Parmesan is a tasty cheese to put on these potatoes and other recipes, but it can be a darned if you do and darned if you don’t choice for IC bladders. Because it’s so popular in so many recipes, I think it may be worth the risk of bladder pain to establish if and when you can have a little Parmesan cheese. If however you can’t have any Parmesan, then here are a couple of safer alternatives for this recipe: grated Mozzarella cheese is mild and not aged. It’s fairly easy for many IC bladders to tolerate, and melts well. If American cheese agrees with your bladder, try melting a strip of that on top. Or, just leave the cheese off altogether and perhaps try another approach…

If you like your potatoes a bit more zesty, sprinkle with powdered dried sage along with the salt. If your bladder can tolerate cooked bacon bits (real, not those soy-based things in jars), they are a great addition to top the potato and sprinkle in the butter (and especially good if you serve these potatoes at breakfast with eggs). Substituting onion salt for the regular salt is another interesting twist. Or, mix a teaspoon of dried thyme or Italian herbs with the butter before brushing on the potatoes.

Pear Sauce for Pork Roast

– serves 3

This is a bladder friendly version of applemos, Swedish stewed and mashed apples, a sweet sauce traditionally served with meat. It is quick to make and especially delicious served hot over slices of pork roast.

  • 2 med. pears (greenish pears, not ripened)
  • 1/3 cup water
  • 3 Tbsp. cup sugar
  • 1/8 tsp. ground cardamom
  1. Peel and core the pears and chop into small pieces. Place pears and water in a small covered saucepan over low heat and simmer for about 12 minutes until most of the pears are quite soft. Add the sugar. Bring to a boil while mashing and mixing the pears. Remove the pears from the heat and stir in the cardamom. Place in a serving bowl or spoon a few tablespoons over each slice of hot pork roast.

Note: Gala apples work ok too if your bladder can handle them. (Without an acid ingredient like lemon juice, the sauce may turn dark if you use apples. It won’t affect the flavor though). I’ve had good luck with freezing any unused portion for a month or two.

Swedish Meatballs

– serves 3

The Swedes love meatballs in any form. They serve them with and without sauce, made from every meat imaginable, and there are meat ball recipes for every meal and occasion. Most of the American versions of this recipe seem to require sour cream (a real bladder-burner). This authentic recipe uses (bladder-friendly) cream.


  • 1 egg
  • 3/4 tsp. ground nutmeg
  • 3/4 tsp. ground allspice
  • 1/4 tsp. salt
  • 1 lb. lean ground beef (15% fat)
  • 1/3 cup quick-cooking oats
  • 1 medium onion, chopped very fine (see note)
  • 1 Tbsp. vegetable oil, for frying onion
  • 2 Tbsp. stick margarine, for frying meatballs


  • 1 14-oz. can Health Valley Fat Free Beef Broth
  • 1/2 tsp. ground nutmeg
  • 1/4 tsp. ground allspice
  • 1/2 tsp. dried dill weed
  • 1/2 tsp. salt
  • 1 Tbsp. white wine (optional)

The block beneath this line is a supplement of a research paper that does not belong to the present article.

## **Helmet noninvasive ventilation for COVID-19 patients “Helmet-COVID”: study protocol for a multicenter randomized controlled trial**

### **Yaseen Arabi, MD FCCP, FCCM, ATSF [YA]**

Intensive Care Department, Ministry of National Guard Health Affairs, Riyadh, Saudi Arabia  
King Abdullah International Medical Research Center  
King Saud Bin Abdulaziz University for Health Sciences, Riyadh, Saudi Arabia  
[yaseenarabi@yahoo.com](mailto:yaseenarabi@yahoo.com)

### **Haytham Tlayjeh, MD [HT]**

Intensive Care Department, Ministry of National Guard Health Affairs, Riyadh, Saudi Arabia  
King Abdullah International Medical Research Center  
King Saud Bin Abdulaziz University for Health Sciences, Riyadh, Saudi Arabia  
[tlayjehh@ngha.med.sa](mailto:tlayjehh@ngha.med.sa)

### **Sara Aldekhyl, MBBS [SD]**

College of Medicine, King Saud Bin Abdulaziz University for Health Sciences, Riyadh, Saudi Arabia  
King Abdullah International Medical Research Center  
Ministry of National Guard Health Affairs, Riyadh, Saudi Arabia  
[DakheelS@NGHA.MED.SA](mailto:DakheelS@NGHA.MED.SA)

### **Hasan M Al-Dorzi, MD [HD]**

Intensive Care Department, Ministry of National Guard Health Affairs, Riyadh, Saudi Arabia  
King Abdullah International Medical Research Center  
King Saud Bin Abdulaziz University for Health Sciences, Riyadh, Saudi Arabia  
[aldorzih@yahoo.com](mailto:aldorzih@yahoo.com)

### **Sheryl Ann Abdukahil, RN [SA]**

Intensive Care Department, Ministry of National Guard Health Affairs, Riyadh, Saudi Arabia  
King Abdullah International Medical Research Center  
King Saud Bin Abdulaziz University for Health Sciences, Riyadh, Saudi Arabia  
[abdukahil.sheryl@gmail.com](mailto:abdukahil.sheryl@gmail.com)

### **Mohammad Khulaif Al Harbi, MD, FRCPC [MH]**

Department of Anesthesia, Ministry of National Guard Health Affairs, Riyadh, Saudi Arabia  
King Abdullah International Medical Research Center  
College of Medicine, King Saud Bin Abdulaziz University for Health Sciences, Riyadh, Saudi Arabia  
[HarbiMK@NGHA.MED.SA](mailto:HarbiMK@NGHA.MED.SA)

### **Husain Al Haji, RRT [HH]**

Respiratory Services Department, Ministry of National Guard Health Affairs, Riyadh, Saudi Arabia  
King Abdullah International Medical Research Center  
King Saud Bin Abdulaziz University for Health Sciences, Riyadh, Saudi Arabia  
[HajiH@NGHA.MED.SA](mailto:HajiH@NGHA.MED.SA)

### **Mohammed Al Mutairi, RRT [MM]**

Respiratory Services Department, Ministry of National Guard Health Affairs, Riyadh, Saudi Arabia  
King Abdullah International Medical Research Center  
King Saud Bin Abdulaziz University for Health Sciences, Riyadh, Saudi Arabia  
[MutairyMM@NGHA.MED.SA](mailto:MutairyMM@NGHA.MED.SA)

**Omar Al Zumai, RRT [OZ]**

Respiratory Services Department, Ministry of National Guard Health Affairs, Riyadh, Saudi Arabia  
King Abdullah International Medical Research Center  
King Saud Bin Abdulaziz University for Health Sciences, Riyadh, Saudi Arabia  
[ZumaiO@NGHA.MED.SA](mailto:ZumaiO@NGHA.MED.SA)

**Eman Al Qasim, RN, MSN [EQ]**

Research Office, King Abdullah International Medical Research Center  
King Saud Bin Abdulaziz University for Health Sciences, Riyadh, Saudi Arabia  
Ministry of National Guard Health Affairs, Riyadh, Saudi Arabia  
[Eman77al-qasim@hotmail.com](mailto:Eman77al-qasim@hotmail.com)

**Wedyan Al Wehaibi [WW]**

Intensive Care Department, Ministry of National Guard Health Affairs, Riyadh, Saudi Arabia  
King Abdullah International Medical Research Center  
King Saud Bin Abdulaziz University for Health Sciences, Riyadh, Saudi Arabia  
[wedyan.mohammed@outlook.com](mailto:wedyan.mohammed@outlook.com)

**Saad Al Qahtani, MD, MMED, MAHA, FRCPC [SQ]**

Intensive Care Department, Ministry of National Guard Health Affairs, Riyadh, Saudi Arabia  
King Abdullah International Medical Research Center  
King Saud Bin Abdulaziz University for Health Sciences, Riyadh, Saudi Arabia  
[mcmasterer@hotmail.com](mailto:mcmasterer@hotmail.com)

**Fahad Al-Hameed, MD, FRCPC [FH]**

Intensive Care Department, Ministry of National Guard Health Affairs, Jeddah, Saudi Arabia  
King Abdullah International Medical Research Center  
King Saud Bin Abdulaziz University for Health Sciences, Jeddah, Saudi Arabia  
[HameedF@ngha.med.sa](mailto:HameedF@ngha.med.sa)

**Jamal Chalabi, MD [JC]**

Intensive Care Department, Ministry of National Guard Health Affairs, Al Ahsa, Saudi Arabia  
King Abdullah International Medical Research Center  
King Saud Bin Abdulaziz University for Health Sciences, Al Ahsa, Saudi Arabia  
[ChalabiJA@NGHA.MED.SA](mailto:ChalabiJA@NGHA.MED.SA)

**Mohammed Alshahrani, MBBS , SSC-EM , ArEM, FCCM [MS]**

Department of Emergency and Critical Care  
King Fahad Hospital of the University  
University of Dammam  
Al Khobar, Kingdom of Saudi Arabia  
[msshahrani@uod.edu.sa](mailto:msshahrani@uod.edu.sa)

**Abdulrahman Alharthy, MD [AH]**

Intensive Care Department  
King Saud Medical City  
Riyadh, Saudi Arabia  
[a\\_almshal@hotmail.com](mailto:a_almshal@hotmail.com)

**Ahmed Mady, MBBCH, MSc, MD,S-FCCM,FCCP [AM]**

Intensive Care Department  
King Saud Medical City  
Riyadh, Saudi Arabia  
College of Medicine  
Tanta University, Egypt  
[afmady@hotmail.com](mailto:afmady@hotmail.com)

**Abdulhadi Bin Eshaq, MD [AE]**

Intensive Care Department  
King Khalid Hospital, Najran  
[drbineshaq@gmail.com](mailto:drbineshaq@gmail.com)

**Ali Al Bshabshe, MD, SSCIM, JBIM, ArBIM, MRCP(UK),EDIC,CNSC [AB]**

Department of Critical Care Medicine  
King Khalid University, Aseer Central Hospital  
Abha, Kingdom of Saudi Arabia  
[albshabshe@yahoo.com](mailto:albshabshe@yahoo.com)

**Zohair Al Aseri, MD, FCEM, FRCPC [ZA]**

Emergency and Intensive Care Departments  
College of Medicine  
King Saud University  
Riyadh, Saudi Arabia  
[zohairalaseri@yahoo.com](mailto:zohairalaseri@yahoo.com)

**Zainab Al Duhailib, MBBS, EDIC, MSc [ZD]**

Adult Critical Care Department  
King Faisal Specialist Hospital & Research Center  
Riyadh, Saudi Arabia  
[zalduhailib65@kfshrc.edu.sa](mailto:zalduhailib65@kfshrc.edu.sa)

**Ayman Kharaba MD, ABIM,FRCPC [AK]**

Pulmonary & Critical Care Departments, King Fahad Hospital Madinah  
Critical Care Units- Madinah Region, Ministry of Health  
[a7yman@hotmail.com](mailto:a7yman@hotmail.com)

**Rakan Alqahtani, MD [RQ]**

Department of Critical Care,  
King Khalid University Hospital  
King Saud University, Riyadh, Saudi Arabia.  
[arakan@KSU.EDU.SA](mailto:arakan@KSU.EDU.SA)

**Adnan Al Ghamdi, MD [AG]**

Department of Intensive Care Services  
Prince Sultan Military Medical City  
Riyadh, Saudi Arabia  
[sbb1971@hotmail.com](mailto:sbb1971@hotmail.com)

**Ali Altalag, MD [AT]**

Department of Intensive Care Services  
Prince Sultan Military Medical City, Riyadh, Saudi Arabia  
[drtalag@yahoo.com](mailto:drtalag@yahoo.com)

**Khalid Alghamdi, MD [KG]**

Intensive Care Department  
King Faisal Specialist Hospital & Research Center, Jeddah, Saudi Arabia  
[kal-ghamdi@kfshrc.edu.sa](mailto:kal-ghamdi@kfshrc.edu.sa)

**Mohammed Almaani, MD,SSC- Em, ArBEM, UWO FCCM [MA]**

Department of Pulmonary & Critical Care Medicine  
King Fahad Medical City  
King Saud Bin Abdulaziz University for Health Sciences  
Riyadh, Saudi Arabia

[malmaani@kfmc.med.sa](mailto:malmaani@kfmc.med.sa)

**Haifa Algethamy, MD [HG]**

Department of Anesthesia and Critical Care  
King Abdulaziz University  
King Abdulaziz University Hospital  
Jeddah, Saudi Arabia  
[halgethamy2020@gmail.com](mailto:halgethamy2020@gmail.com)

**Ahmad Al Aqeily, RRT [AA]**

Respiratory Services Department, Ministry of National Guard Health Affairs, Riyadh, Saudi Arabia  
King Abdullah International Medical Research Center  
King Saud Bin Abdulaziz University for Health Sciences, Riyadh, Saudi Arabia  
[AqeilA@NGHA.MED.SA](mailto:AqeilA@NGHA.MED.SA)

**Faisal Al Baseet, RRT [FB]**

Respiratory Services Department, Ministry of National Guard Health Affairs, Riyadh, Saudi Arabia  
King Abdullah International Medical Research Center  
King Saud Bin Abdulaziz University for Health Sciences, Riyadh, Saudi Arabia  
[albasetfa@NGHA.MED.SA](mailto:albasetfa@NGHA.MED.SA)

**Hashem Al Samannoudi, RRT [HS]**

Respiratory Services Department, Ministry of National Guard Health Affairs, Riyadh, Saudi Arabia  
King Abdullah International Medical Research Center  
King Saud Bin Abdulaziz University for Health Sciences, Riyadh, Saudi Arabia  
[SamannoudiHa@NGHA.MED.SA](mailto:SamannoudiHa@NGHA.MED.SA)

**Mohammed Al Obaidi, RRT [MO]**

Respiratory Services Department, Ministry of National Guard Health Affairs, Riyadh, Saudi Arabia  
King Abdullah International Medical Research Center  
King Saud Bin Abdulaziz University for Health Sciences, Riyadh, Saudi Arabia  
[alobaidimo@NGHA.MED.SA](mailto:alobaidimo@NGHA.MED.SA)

• 1/2 cup water, divided
  • 3 Tbsp. cornstarch
  • 1/3 cup heavy cream
  1. In a small dish whisk together the egg, nutmeg, allspice and salt for the meatballs. Add to the ground beef and quick oats. Mix well and set aside. In a large skillet, fry the onion in a little oil until all the bits are translucent and few are starting to brown. Remove the skillet from the heat. Mix the onion into the meat and form meatballs, about an inch to an inch-and-a-half across. Place on a plate and set aside for the moment.
  2. In a covered soup pot heat the beef broth, nutmeg, allspice, dill, salt(and wine if desired) to a simmer. Reheat the skillet and brown the meatballs in margarine. As they are browned, add to the simmering soup. Remove the skillet from heat, add 1/4 cup of the water and stir to scrape up the browned bits. Pour into the simmering liquid. Let the liquid and meatballs simmer covered for 8 minutes.
  3. In a small dish add the remaining 1/4 cup water to the cornstarch and blend until smooth. Stir in the cream. Add the cream mixture all at once to the simmering meatballs while carefully stirring. Over low heat allow the gravy to thicken and reheat (but don’t allow it to boil). Serve over hot cooked noodles.

Note: The one real change I made to this recipe is to fry the onions before using. That’s because IC bladders seem to handle cooked onions better than raw ones, and the higher the temperature they are cooked at, the better tolerated they are. If however, cooked onions still bother you, then try substituting 2 tsp. or more onion powder for the onions.

One other thing to notice. Most beef broth and bouillon contains MSG, yeast extract, or soy protein– all bladder-burners. The kind of beef broth used can be crucial to this recipe being bladder-friendly. I specified the Health Valley brand because they are one of a diminishing number of manufacturers who make beef broth products without these ingredients. Many natural foods stores and some regular grocery chains carry this brand. If your store doesn’t carry the it, you can ask the manager to stock it for you. Here’s the
manufacturer’s (Hain Celestial Group) number: 1-800-423-4846 (8am-4pm EST).